In 1343 her son, Ralph Neville, Second Baron of Raby, enlarged the south aisle of the church of St Mary (formerly St Gregory) in the village of Staindrop (a mile or so from his family seat at Raby Castle) to house his mother's tomb. Her effigy lies inset into the south wall, mounted by an ornate canopy. There are other effigies nearby, including one of a child. They were not re-discovered until the nineteenth century during restoration work in the church. They will also be members of the powerful Neville dynasty, but their names are lost to us.
I like to think Ralph Neville loved his mother dearly. Effigies such as Euphemia de Clavering's are not uncommon in English medieval parish churches but hers is especially finely done. The detail is very personal and moving, from her peaceful countenance, eyes closed, lips slightly apart, to the long lines of buttons on the sleeves of her tunic and the patterning on the band of her headdress. Most touching of all are the reclining angels to each side, their hands stroking her head in gentle consolation.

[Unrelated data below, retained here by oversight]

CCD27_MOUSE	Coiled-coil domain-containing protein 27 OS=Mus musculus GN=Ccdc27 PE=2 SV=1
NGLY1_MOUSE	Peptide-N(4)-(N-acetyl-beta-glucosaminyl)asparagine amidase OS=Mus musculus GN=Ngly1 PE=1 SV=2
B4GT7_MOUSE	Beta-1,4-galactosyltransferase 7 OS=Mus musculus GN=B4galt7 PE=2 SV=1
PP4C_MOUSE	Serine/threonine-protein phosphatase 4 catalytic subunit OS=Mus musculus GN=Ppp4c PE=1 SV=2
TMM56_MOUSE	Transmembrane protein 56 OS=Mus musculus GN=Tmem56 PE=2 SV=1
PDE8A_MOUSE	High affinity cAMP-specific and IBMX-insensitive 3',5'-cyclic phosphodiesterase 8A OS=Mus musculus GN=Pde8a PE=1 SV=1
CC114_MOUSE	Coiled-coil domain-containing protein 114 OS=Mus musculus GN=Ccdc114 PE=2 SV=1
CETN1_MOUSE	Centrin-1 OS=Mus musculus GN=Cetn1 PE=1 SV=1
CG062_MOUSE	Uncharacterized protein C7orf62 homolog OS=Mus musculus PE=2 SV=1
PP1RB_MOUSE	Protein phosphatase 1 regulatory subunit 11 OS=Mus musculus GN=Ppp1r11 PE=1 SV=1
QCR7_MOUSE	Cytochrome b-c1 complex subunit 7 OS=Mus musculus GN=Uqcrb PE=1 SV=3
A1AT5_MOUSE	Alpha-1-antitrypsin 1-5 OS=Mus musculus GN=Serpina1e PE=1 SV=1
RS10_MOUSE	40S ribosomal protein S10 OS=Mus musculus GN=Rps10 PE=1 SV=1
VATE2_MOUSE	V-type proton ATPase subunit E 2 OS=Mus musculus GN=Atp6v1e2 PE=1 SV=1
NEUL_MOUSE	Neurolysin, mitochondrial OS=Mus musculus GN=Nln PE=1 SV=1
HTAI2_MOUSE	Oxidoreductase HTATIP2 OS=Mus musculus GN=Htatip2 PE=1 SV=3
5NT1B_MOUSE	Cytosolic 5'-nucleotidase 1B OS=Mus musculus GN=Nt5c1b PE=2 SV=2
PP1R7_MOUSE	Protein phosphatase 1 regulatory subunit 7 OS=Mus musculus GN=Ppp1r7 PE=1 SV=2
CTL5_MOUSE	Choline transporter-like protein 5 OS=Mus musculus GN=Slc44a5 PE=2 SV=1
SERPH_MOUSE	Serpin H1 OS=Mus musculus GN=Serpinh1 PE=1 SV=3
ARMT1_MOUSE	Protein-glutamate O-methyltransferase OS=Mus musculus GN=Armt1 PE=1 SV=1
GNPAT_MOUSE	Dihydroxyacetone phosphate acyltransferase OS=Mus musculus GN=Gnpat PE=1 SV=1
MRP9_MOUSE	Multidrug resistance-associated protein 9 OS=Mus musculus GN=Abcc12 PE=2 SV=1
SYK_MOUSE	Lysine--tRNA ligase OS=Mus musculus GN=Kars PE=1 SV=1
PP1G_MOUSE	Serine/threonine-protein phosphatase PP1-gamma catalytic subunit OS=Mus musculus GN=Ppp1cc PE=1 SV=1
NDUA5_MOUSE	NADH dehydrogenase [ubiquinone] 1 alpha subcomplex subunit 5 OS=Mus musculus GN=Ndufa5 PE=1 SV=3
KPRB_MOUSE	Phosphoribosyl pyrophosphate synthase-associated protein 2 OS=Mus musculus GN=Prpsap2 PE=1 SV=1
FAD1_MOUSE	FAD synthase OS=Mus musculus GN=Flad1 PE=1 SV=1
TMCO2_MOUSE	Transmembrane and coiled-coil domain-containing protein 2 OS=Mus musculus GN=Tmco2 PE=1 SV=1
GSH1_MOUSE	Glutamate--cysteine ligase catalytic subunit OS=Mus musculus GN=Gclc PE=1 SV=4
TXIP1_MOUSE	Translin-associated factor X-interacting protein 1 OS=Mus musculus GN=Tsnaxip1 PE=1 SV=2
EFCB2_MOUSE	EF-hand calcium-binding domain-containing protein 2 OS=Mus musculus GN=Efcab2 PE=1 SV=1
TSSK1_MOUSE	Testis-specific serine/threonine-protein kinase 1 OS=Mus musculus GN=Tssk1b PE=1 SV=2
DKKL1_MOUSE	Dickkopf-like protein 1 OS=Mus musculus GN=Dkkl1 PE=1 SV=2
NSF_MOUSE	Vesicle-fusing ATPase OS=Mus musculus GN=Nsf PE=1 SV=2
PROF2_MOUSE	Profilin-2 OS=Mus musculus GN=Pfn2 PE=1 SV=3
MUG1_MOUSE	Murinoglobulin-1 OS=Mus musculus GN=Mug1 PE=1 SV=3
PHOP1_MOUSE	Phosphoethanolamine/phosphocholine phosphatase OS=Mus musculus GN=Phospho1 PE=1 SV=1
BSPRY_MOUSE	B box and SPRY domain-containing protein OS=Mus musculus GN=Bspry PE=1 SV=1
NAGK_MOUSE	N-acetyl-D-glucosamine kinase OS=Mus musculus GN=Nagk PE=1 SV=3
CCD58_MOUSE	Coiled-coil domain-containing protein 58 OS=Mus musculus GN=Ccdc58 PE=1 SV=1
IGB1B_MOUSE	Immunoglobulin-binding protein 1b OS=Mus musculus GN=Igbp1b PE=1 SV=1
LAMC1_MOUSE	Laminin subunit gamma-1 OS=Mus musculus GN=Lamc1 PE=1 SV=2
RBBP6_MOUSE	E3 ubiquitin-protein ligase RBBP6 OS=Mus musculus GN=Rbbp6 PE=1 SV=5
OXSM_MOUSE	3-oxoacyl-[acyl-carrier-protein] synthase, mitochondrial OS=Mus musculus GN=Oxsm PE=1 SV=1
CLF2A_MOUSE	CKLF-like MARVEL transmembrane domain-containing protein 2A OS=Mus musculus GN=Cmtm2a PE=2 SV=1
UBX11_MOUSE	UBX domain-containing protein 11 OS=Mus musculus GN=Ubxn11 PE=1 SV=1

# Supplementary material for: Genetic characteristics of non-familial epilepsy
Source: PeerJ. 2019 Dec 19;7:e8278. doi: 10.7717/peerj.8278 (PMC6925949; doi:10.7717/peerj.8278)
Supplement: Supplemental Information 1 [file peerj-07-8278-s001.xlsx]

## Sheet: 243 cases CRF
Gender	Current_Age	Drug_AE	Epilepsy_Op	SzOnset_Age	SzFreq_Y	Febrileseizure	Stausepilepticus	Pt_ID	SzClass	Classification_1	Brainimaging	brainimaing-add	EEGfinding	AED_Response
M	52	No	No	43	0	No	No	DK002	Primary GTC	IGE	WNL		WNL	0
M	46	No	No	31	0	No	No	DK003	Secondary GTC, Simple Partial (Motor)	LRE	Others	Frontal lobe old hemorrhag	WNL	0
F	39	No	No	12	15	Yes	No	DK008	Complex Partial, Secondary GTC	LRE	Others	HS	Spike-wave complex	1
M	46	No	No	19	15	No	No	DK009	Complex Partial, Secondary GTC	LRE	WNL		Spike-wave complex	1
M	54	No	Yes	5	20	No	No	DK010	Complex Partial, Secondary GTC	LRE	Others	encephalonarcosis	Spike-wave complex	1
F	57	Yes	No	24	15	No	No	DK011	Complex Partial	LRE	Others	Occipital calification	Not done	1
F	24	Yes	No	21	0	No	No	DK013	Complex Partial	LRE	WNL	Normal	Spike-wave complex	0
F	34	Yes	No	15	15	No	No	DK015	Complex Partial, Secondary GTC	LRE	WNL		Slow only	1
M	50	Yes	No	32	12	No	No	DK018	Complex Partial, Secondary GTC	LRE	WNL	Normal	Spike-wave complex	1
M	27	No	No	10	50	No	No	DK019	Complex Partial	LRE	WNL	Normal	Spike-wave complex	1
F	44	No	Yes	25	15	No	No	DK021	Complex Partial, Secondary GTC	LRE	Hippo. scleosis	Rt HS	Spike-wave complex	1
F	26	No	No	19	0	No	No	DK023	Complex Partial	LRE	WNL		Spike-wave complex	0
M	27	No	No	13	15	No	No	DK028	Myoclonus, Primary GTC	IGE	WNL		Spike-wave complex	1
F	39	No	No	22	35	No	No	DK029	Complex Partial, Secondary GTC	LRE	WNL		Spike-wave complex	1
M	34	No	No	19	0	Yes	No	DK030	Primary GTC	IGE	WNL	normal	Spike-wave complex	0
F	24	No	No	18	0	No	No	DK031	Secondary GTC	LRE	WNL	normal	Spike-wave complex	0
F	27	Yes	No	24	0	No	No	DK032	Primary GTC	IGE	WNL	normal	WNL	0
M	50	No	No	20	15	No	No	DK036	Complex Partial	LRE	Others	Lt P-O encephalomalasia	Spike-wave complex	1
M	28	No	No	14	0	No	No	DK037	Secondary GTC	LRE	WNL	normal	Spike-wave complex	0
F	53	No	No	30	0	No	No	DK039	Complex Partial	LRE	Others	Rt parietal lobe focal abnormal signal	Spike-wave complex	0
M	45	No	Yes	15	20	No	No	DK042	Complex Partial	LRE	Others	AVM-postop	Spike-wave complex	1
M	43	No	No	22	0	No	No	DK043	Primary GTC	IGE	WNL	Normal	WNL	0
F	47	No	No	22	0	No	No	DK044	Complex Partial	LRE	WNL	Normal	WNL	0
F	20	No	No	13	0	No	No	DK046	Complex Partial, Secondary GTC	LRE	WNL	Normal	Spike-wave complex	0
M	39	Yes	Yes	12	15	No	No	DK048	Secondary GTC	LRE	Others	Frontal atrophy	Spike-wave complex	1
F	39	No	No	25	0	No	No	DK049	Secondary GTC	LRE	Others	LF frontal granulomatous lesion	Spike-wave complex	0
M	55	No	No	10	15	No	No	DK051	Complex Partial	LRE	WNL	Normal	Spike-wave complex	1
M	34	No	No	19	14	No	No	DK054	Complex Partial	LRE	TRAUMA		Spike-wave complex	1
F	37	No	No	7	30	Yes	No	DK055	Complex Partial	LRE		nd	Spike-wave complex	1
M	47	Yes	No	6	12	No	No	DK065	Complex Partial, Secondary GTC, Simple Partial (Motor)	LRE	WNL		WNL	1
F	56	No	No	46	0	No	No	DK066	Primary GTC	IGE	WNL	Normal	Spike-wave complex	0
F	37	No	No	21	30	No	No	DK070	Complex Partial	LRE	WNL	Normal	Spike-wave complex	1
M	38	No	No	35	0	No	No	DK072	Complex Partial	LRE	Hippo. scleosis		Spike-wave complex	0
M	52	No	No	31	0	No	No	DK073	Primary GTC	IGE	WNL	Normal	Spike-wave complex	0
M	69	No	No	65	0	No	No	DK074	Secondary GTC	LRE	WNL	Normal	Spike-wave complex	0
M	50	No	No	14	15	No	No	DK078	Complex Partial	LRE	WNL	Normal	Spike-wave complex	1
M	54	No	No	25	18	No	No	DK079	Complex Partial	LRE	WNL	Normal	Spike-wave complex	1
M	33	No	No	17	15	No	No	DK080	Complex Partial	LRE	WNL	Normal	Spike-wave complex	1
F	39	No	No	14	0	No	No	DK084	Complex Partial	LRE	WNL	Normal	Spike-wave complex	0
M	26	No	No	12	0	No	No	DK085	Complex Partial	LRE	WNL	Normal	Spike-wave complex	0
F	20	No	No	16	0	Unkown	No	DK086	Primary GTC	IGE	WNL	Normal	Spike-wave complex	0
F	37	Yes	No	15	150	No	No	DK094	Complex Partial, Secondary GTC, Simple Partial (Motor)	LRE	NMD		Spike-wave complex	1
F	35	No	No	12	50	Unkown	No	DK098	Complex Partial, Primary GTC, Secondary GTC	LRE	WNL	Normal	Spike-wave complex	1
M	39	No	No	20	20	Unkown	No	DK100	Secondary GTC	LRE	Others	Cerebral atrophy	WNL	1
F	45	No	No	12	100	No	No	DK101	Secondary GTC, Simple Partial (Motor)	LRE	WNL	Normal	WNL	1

For nearly seven hundred years she has slept in silent prayer in her alcove. She has weathered the vicissitudes of cold and damp and careless worshippers. She has survived the internecine feuds of her family, the upheavals of Reformation and Civil War and the fluctuating tastes of centuries of church restorers. She has come through all that intact and, with our modern sensitivities to conservation, it is hard to believe she will not now lie there for another seven hundred years and beyond.
There are other, grander tombs in St Mary's, Staindrop, although none so old as Euphemia de Clavering and none as deeply devotional and personal. For all her historical anonymity she has achieved immortality of a sort. It is what I believe Philip Larkin meant by the closing lines of his poem about another tomb: 'to prove Our almost-instinct almost true: What will survive of us is love.'